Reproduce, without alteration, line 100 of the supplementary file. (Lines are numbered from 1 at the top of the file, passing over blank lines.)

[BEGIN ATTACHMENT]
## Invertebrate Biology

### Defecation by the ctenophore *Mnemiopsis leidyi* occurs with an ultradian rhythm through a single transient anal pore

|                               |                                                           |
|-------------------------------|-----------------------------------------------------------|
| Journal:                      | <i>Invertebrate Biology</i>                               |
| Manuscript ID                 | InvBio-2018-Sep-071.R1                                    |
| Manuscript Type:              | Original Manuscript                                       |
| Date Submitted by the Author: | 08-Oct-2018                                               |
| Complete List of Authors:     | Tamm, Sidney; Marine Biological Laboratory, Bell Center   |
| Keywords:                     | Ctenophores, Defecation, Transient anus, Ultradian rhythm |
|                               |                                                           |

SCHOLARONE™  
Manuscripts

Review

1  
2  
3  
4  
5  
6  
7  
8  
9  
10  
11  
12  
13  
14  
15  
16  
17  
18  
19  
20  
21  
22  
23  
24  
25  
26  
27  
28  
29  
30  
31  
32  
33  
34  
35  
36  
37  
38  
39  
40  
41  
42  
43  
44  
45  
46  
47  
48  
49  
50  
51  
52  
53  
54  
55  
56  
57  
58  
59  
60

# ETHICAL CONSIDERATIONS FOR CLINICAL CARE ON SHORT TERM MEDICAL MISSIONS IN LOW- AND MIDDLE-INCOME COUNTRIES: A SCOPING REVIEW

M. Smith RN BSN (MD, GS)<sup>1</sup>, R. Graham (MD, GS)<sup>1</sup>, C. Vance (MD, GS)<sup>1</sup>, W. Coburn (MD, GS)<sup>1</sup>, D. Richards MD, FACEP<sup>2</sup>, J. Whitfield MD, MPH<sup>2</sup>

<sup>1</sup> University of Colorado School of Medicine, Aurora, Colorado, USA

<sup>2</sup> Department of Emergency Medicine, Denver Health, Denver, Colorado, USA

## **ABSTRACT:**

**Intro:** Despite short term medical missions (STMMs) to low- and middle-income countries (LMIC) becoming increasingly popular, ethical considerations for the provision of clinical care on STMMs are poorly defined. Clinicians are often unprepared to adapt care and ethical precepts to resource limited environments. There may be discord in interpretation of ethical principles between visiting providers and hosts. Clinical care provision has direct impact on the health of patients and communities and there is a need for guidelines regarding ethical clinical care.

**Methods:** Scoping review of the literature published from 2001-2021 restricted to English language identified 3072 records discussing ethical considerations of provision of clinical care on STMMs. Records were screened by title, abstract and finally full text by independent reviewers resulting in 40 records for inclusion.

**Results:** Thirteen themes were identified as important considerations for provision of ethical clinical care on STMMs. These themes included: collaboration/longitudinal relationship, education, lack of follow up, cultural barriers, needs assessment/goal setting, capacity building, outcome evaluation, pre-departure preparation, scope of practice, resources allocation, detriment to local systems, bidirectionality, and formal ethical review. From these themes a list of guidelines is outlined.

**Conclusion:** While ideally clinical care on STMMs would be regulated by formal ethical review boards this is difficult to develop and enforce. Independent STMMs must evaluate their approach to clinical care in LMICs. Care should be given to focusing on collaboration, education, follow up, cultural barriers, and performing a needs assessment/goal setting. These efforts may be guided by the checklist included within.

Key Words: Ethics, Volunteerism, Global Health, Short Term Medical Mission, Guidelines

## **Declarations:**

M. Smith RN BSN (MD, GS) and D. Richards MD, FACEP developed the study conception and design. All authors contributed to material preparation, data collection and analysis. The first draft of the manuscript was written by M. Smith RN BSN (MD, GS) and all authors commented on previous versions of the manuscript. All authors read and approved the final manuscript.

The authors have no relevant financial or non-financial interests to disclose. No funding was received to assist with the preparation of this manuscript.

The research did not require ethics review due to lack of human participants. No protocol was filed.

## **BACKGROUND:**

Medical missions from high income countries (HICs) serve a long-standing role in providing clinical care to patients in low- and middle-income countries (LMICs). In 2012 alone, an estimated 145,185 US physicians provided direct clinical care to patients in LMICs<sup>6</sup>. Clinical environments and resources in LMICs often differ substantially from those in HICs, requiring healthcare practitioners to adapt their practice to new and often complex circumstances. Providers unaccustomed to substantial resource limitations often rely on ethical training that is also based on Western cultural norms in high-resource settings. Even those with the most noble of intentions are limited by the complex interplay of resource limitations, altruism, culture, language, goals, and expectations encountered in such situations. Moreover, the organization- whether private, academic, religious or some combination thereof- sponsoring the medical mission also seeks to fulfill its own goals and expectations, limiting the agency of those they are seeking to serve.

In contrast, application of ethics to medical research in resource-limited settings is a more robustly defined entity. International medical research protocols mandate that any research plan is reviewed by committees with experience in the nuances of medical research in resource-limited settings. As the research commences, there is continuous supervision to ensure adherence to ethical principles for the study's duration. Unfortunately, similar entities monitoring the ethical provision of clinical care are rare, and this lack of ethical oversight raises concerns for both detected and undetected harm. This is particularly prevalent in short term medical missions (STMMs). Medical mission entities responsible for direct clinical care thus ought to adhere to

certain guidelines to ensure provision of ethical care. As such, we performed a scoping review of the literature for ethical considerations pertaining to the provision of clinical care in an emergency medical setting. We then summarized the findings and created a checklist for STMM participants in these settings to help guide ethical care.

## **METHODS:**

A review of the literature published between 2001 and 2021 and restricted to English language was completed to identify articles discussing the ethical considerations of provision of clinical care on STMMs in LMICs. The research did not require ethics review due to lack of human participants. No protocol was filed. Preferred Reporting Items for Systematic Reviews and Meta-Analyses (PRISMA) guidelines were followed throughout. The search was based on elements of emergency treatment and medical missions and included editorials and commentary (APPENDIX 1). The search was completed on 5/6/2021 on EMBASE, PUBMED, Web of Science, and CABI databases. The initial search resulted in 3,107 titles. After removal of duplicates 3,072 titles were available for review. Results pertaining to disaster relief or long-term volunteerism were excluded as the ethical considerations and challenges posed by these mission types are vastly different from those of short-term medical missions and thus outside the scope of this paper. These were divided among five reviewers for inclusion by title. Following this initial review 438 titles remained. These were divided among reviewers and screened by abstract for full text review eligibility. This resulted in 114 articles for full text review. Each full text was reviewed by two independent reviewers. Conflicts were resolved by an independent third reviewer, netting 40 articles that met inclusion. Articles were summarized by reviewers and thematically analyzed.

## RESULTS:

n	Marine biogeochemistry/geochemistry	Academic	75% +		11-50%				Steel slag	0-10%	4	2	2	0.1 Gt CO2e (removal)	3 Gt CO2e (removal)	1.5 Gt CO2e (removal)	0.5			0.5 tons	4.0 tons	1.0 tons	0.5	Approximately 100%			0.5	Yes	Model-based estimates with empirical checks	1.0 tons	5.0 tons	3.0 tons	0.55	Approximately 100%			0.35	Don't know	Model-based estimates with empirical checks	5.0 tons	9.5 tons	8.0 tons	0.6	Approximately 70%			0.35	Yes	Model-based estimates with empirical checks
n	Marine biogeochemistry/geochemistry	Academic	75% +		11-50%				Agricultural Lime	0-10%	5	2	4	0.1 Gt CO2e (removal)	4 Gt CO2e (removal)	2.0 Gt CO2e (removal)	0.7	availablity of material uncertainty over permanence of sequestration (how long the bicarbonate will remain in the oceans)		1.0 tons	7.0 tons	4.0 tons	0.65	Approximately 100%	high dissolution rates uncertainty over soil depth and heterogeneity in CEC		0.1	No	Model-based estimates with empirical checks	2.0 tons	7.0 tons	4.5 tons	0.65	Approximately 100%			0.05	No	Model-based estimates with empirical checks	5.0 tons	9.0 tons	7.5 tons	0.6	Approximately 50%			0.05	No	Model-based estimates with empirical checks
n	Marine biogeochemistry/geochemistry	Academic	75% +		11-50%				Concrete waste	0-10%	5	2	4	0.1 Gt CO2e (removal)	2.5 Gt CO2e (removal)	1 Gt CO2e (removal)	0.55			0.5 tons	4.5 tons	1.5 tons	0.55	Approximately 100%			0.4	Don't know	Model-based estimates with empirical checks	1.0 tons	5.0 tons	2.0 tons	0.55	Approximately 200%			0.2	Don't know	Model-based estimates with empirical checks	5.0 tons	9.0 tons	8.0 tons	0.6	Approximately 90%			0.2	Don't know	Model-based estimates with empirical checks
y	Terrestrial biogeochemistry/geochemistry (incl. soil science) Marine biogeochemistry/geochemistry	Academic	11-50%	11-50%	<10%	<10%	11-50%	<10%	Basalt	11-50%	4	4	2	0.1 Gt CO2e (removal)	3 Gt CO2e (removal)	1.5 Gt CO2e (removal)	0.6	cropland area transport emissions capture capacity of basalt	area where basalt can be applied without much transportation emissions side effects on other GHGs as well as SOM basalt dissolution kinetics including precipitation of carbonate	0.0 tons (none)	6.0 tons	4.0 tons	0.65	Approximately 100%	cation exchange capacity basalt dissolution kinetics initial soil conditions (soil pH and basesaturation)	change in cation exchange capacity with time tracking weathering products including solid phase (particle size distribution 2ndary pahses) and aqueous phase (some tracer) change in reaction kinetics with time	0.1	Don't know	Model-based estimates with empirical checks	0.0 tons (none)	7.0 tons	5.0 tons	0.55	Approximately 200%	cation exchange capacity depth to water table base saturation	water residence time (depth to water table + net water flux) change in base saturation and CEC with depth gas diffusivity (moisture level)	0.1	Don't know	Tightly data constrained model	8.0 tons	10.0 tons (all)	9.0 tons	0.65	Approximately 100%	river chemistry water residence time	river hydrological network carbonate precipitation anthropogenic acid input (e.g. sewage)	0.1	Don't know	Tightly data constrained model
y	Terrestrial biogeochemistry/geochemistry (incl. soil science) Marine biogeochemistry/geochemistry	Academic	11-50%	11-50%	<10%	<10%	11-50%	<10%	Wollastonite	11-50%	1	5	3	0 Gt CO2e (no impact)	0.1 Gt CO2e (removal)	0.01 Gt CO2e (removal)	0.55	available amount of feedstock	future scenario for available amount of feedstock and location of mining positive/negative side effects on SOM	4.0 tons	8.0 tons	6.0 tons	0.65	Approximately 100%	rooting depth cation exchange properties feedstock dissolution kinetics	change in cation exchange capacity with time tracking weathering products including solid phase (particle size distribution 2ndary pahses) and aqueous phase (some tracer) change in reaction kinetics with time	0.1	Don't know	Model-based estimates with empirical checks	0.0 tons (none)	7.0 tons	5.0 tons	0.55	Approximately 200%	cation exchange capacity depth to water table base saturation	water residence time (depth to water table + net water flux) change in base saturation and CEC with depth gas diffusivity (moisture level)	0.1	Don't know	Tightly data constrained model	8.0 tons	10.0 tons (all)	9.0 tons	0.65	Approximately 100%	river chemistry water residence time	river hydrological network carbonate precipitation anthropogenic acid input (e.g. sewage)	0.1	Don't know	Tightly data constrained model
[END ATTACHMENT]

y	Terrestrial biogeochemistry/geochemistry (incl. soil science) Marine biogeochemistry/geochemistry	Academic	11-50%	11-50%	<10%	<10%	11-50%	<10%	Wollastonite	11-50%	1	5	3	0 Gt CO2e (no impact)	0.1 Gt CO2e (removal)	0.01 Gt CO2e (removal)	0.55	available amount of feedstock	future scenario for available amount of feedstock and location of mining positive/negative side effects on SOM	4.0 tons	8.0 tons	6.0 tons	0.65	Approximately 100%	rooting depth cation exchange properties feedstock dissolution kinetics	change in cation exchange capacity with time tracking weathering products including solid phase (particle size distribution 2ndary pahses) and aqueous phase (some tracer) change in reaction kinetics with time	0.1	Don't know	Model-based estimates with empirical checks	0.0 tons (none)	7.0 tons	5.0 tons	0.55	Approximately 200%	cation exchange capacity depth to water table base saturation	water residence time (depth to water table + net water flux) change in base saturation and CEC with depth gas diffusivity (moisture level)	0.1	Don't know	Tightly data constrained model	8.0 tons	10.0 tons (all)	9.0 tons	0.65	Approximately 100%	river chemistry water residence time	river hydrological network carbonate precipitation anthropogenic acid input (e.g. sewage)	0.1	Don't know	Tightly data constrained model